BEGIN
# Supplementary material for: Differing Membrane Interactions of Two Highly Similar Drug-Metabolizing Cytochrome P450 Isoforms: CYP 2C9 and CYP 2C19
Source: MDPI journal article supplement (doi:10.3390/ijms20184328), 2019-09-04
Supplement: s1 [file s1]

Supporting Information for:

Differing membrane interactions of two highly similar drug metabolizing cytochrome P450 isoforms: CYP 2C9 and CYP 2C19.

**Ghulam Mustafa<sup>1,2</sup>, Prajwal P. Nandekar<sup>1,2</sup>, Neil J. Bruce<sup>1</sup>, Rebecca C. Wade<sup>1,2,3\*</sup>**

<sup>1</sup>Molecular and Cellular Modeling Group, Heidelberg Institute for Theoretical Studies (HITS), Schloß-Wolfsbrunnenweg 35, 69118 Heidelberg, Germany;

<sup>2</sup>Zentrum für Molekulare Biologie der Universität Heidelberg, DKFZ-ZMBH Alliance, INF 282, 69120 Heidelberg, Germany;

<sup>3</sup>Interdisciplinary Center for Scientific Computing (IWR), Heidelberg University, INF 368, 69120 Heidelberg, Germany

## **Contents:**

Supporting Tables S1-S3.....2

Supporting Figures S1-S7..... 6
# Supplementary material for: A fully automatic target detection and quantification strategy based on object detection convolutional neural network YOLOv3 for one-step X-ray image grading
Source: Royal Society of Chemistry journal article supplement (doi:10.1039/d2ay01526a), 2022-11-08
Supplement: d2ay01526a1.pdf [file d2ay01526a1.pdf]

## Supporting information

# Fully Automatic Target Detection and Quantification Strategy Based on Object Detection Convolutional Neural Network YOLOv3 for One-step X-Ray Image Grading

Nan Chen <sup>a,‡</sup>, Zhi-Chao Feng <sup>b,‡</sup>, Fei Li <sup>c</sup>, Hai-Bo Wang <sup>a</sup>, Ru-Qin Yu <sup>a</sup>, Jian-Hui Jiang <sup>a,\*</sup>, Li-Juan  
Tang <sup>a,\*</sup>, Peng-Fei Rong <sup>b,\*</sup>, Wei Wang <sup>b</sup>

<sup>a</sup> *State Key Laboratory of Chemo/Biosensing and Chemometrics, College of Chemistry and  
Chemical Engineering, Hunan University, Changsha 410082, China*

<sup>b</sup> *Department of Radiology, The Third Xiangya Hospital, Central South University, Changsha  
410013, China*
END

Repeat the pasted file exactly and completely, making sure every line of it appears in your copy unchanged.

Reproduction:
# Supplementary material for: Differing Membrane Interactions of Two Highly Similar Drug-Metabolizing Cytochrome P450 Isoforms: CYP 2C9 and CYP 2C19
Source: MDPI journal article supplement (doi:10.3390/ijms20184328), 2019-09-04
Supplement: s1 [file s1]

Supporting Information for:

Differing membrane interactions of two highly similar drug metabolizing cytochrome P450 isoforms: CYP 2C9 and CYP 2C19.

**Ghulam Mustafa<sup>1,2</sup>, Prajwal P. Nandekar<sup>1,2</sup>, Neil J. Bruce<sup>1</sup>, Rebecca C. Wade<sup>1,2,3\*</sup>**

<sup>1</sup>Molecular and Cellular Modeling Group, Heidelberg Institute for Theoretical Studies (HITS), Schloß-Wolfsbrunnenweg 35, 69118 Heidelberg, Germany;

<sup>2</sup>Zentrum für Molekulare Biologie der Universität Heidelberg, DKFZ-ZMBH Alliance, INF 282, 69120 Heidelberg, Germany;

<sup>3</sup>Interdisciplinary Center for Scientific Computing (IWR), Heidelberg University, INF 368, 69120 Heidelberg, Germany

## **Contents:**

Supporting Tables S1-S3.....2

Supporting Figures S1-S7..... 6
# Supplementary material for: A fully automatic target detection and quantification strategy based on object detection convolutional neural network YOLOv3 for one-step X-ray image grading
Source: Royal Society of Chemistry journal article supplement (doi:10.1039/d2ay01526a), 2022-11-08
Supplement: d2ay01526a1.pdf [file d2ay01526a1.pdf]

## Supporting information

# Fully Automatic Target Detection and Quantification Strategy Based on Object Detection Convolutional Neural Network YOLOv3 for One-step X-Ray Image Grading

Nan Chen <sup>a,‡</sup>, Zhi-Chao Feng <sup>b,‡</sup>, Fei Li <sup>c</sup>, Hai-Bo Wang <sup>a</sup>, Ru-Qin Yu <sup>a</sup>, Jian-Hui Jiang <sup>a,\*</sup>, Li-Juan  
Tang <sup>a,\*</sup>, Peng-Fei Rong <sup>b,\*</sup>, Wei Wang <sup>b</sup>

<sup>a</sup> *State Key Laboratory of Chemo/Biosensing and Chemometrics, College of Chemistry and  
Chemical Engineering, Hunan University, Changsha 410082, China*

<sup>b</sup> *Department of Radiology, The Third Xiangya Hospital, Central South University, Changsha  
410013, China*